can be placed, and all this temptation to
 swear  falsely to save him will disappear,
 for it will be evident to those who love him
 best, that his own welfare demands this ed-
 ucational treatment; and this hesitation to
 convict when the evidence is sufficient, will
 no longer exist. Then, if a mistake should
 be made,  and an  innocent person should
fall under suspicion so strong as to lead to
his consignment  to this educational process,
it can do him  no harm; and it will be very
remarkable,  if time shall not give him op-
portunity to prove his innocence.
                           E. B. CHJACE.
   Vdley Falls De.  13, 1879.

   MR. OLADSTONE VS.   ME, PAREMAN
   Mr.  Francis Parkman,   in the January
 number  of the Narth American Reviet says:
   Most of the matters with which govern-
 ment  properly concerns  Itself, such  as
 finance, agriculture, manufactures, tarift,
 transportation and war. are  matters with
 which  women  in general can  never be fa-
 miliar, and in dealing with which feminine
 qualities have no particular place:
   But  below  we see that on one of these
 great subjects, that of war, Mr. Gladstone
 appeals to women.   In addressing some of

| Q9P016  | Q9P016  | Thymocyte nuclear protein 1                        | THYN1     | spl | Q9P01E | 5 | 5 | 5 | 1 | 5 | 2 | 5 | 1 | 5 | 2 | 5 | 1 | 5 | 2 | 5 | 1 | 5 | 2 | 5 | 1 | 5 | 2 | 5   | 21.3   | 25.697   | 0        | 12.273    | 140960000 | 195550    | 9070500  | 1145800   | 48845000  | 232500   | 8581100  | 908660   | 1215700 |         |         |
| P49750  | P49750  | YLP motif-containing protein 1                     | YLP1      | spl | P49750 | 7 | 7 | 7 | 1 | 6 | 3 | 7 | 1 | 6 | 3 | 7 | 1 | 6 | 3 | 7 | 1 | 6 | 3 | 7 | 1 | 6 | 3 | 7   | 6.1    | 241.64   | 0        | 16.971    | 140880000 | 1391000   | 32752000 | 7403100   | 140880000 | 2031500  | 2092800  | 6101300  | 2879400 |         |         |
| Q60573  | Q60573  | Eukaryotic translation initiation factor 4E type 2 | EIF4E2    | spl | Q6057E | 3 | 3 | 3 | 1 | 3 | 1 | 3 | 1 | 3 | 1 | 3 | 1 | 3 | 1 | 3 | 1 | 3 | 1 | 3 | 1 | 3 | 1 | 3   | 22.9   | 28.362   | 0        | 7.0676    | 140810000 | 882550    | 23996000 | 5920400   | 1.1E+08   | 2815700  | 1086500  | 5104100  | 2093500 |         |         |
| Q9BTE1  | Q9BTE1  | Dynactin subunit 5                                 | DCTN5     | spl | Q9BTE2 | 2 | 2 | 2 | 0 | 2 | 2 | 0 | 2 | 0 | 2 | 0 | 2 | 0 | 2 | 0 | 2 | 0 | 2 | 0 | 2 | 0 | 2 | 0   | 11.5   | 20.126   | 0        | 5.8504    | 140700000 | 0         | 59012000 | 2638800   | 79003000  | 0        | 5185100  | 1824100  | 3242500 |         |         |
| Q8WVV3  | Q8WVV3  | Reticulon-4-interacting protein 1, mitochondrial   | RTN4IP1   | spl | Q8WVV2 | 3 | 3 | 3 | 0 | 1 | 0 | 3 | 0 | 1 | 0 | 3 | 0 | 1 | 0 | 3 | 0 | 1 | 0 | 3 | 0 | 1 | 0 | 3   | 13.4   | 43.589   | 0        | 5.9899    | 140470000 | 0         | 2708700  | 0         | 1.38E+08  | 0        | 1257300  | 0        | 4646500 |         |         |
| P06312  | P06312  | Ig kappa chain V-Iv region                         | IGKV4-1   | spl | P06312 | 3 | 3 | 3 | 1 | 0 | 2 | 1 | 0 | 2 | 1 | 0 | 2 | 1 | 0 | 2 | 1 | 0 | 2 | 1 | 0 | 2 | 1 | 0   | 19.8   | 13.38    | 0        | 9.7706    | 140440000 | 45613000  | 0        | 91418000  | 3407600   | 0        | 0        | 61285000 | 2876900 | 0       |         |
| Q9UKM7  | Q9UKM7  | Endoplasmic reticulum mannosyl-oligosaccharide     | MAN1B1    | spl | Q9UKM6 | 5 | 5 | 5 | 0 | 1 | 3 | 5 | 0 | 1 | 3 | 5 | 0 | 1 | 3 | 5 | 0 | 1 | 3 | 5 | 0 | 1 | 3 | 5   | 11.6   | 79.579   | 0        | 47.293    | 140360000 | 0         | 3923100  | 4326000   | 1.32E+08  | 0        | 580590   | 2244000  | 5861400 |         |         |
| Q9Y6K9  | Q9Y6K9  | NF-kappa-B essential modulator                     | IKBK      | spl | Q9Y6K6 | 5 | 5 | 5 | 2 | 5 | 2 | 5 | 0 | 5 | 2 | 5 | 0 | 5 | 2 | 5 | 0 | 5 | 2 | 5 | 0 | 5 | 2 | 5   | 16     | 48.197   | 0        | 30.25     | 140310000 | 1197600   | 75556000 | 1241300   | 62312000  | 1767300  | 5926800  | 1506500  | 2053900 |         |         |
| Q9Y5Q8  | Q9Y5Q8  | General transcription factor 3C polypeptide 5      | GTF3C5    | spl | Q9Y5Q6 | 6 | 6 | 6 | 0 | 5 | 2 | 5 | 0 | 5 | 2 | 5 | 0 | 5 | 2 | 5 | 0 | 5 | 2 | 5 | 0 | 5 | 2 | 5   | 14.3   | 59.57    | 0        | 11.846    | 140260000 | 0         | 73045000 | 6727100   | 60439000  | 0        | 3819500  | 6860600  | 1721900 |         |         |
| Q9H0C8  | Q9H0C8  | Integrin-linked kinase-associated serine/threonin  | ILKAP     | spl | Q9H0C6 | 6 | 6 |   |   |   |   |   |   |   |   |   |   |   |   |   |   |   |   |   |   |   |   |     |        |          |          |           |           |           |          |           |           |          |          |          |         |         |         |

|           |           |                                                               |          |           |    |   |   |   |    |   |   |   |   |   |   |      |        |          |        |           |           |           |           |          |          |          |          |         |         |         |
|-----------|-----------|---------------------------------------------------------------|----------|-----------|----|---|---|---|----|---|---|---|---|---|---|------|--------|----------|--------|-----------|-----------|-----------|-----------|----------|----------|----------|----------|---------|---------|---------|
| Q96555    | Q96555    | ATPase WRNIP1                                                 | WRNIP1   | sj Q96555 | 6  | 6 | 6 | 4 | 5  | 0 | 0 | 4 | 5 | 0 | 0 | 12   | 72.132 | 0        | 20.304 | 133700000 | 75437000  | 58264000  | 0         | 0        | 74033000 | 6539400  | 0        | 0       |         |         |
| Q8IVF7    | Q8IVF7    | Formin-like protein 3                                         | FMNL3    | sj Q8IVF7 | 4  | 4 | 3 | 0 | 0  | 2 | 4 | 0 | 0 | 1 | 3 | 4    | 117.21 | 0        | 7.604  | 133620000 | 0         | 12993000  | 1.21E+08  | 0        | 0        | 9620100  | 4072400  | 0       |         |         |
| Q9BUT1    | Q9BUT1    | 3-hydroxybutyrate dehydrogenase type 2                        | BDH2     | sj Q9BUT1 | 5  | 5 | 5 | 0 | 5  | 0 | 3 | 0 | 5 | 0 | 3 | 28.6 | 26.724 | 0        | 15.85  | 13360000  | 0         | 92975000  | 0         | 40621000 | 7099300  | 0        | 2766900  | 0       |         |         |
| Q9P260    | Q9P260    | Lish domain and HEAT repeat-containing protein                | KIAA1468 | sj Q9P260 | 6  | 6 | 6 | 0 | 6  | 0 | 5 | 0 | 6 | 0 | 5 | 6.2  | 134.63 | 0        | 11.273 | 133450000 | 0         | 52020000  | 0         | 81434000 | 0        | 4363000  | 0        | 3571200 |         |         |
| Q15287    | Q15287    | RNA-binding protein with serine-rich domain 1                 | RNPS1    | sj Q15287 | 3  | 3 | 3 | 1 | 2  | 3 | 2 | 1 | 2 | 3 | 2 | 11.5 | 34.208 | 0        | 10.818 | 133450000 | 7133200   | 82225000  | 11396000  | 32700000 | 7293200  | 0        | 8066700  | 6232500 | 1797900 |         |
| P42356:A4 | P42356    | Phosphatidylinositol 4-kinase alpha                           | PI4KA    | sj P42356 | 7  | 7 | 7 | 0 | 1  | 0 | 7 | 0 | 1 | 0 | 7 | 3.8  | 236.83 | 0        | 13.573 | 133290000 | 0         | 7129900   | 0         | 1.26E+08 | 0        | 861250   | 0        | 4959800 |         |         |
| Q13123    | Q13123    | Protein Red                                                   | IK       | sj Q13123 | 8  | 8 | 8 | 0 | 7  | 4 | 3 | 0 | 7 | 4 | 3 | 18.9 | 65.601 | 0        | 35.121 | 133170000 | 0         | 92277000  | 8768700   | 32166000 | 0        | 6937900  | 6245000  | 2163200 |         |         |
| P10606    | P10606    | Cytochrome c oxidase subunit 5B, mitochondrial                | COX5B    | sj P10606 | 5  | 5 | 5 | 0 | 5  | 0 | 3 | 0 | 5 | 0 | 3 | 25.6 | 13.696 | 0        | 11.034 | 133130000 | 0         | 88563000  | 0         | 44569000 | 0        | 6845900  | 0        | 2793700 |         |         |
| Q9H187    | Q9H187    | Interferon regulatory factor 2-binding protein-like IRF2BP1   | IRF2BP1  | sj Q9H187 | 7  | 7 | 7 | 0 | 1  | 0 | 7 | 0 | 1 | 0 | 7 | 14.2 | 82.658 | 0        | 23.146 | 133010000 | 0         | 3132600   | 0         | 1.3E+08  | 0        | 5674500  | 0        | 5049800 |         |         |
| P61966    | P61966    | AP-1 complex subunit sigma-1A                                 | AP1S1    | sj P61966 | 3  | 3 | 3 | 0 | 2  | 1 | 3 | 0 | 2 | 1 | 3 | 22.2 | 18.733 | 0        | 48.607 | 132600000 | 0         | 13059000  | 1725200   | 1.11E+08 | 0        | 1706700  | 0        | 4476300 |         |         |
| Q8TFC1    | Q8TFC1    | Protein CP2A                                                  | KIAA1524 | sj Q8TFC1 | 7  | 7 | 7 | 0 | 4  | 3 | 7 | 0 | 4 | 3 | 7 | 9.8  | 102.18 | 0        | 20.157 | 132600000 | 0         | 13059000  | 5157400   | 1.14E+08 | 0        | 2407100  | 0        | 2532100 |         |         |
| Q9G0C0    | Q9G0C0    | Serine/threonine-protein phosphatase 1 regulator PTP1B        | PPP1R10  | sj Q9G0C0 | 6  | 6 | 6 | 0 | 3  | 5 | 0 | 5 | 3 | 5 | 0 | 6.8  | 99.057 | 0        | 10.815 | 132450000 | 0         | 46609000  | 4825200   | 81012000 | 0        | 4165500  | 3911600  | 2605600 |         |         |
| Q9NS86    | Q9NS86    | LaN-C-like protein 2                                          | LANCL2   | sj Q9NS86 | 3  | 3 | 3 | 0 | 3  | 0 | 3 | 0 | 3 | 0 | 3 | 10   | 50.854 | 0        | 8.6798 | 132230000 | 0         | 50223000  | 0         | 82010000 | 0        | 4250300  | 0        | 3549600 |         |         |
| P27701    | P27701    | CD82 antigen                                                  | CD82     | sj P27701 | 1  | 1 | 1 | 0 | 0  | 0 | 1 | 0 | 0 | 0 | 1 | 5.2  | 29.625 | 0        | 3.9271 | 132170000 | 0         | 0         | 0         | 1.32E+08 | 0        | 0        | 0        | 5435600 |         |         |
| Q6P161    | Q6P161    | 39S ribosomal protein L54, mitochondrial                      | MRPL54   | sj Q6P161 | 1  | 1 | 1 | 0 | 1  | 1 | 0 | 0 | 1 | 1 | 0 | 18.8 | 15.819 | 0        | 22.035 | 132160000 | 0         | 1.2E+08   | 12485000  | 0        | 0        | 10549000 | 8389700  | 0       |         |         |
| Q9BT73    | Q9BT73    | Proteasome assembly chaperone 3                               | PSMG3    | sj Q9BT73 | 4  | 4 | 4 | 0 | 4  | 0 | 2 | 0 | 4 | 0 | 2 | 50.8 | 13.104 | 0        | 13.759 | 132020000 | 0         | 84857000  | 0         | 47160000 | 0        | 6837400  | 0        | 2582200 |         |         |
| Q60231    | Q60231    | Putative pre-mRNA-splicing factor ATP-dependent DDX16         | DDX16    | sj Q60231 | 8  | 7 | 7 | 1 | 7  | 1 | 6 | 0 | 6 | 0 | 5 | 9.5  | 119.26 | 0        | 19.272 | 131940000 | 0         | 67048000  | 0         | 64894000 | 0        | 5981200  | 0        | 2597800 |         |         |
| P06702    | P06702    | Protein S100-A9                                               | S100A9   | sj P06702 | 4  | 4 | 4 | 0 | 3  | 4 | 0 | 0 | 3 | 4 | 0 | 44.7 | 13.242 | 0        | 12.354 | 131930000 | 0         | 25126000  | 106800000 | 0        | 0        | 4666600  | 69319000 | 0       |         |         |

theladiesof Edinburgh, who had  assemb
 to present him  with an  album  of phoo
 graphic views  of  Scottish scenery,  ,  
 Gladstone said: Ladies, I am not here
 one of  those who  have even  profesed to
 believe that the state which our society has
 reached permits us to make  a vow of ua -
 versal peace, and to renounce upon all ca s
 the alternative of war; but I am here to. y
 that a long experience of life leads me, Vt
 toward any abstract doctrine upon the a b-
 ject, but to a deeper and deeper convict n
 of the enormous  mischief of war, even a
 the best and most favorable circumtan   .
 and of the mischief, indescribable and un-
 redeemable,. of causeless and unnecery
 war.  Look bak   over the pages of history,
 and  conslidtr the-feelings with which we
 now  regard the wars that our  forefathers


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I                                          I


in  their time supported with the most per-
nicious enthusiasm, of which we  have had
some   development in  this country within
the  last three years. Can you  credit, for
example,  that the  Amrican war, now
deemed   foolish by 909 in every thousand in
thils country, was  a war  which  for long
years was supported-which   for some years
was  enthusiastically supported-by the mass
of the population?  Then see how powerful
and   deadly are the fascinations of passion
and  of pride, and if it be true that the er-
rors of  former times are recorded for our
instruction, in order that we  may   avoid
their repetition, then I beg and entreat you
to be on your guard against this deadly fas-
cination.  Do  not suffer appeals to national
pride  to blind you to the dictates of justice.
Remember that   the rights of those savages,
as  we  may call them, and  the sanctity of